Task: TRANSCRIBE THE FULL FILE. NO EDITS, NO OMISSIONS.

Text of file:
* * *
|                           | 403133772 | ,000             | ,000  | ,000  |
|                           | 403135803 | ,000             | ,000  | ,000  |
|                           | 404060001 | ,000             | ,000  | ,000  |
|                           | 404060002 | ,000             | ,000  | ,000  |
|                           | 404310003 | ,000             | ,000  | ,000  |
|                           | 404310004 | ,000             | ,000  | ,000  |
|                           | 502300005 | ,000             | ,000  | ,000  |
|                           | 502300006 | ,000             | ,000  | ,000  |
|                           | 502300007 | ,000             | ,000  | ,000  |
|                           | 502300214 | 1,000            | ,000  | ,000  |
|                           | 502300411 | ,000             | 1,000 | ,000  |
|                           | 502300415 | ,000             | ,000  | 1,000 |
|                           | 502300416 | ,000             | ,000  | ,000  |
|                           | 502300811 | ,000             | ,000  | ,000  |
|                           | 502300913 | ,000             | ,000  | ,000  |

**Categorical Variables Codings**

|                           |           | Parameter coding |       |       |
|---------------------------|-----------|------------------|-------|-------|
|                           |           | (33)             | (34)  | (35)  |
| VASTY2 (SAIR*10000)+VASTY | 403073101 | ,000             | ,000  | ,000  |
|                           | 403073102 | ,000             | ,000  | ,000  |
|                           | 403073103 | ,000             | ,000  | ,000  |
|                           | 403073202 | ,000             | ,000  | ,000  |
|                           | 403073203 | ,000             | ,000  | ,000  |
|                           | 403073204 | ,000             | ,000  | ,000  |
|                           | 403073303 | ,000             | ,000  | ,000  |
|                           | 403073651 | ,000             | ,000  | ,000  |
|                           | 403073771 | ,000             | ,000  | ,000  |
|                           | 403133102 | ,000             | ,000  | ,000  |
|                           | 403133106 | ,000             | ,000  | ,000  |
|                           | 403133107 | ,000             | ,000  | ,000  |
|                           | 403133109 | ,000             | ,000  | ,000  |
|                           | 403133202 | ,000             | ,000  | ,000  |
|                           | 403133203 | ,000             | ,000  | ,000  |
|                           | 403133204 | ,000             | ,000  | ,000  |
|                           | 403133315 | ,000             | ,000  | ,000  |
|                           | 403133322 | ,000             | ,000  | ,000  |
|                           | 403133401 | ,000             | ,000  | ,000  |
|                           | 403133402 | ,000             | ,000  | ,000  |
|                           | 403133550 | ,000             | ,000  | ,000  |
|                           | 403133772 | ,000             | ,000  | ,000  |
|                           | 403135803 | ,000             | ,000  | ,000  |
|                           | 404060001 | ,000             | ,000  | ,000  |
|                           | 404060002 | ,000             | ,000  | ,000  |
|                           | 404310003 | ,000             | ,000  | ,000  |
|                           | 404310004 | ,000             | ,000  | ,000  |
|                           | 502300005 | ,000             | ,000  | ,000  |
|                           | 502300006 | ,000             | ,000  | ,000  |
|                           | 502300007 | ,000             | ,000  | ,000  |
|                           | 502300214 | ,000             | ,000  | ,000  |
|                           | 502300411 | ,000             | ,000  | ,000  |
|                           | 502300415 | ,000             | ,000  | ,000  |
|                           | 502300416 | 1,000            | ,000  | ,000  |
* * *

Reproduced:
|                           | 403133772 | ,000             | ,000  | ,000  |
|                           | 403135803 | ,000             | ,000  | ,000  |
|                           | 404060001 | ,000             | ,000  | ,000  |
|                           | 404060002 | ,000             | ,000  | ,000  |
|                           | 404310003 | ,000             | ,000  | ,000  |
|                           | 404310004 | ,000             | ,000  | ,000  |
|                           | 502300005 | ,000             | ,000  | ,000  |
|                           | 502300006 | ,000             | ,000  | ,000  |
|                           | 502300007 | ,000             | ,000  | ,000  |
|                           | 502300214 | 1,000            | ,000  | ,000  |
|                           | 502300411 | ,000             | 1,000 | ,000  |
|                           | 502300415 | ,000             | ,000  | 1,000 |
|                           | 502300416 | ,000             | ,000  | ,000  |
|                           | 502300811 | ,000             | ,000  | ,000  |
|                           | 502300913 | ,000             | ,000  | ,000  |

**Categorical Variables Codings**

|                           |           | Parameter coding |       |       |
|---------------------------|-----------|------------------|-------|-------|
|                           |           | (33)             | (34)  | (35)  |
| VASTY2 (SAIR*10000)+VASTY | 403073101 | ,000             | ,000  | ,000  |
|                           | 403073102 | ,000             | ,000  | ,000  |
|                           | 403073103 | ,000             | ,000  | ,000  |
|                           | 403073202 | ,000             | ,000  | ,000  |
|                           | 403073203 | ,000             | ,000  | ,000  |
|                           | 403073204 | ,000             | ,000  | ,000  |
|                           | 403073303 | ,000             | ,000  | ,000  |
|                           | 403073651 | ,000             | ,000  | ,000  |
|                           | 403073771 | ,000             | ,000  | ,000  |
|                           | 403133102 | ,000             | ,000  | ,000  |
|                           | 403133106 | ,000             | ,000  | ,000  |
|                           | 403133107 | ,000             | ,000  | ,000  |
|                           | 403133109 | ,000             | ,000  | ,000  |
|                           | 403133202 | ,000             | ,000  | ,000  |
|                           | 403133203 | ,000             | ,000  | ,000  |
|                           | 403133204 | ,000             | ,000  | ,000  |
|                           | 403133315 | ,000             | ,000  | ,000  |
|                           | 403133322 | ,000             | ,000  | ,000  |
|                           | 403133401 | ,000             | ,000  | ,000  |
|                           | 403133402 | ,000             | ,000  | ,000  |
|                           | 403133550 | ,000             | ,000  | ,000  |
|                           | 403133772 | ,000             | ,000  | ,000  |
|                           | 403135803 | ,000             | ,000  | ,000  |
|                           | 404060001 | ,000             | ,000  | ,000  |
|                           | 404060002 | ,000             | ,000  | ,000  |
|                           | 404310003 | ,000             | ,000  | ,000  |
|                           | 404310004 | ,000             | ,000  | ,000  |
|                           | 502300005 | ,000             | ,000  | ,000  |
|                           | 502300006 | ,000             | ,000  | ,000  |
|                           | 502300007 | ,000             | ,000  | ,000  |
|                           | 502300214 | ,000             | ,000  | ,000  |
|                           | 502300411 | ,000             | ,000  | ,000  |
|                           | 502300415 | ,000             | ,000  | ,000  |
|                           | 502300416 | 1,000            | ,000  | ,000  |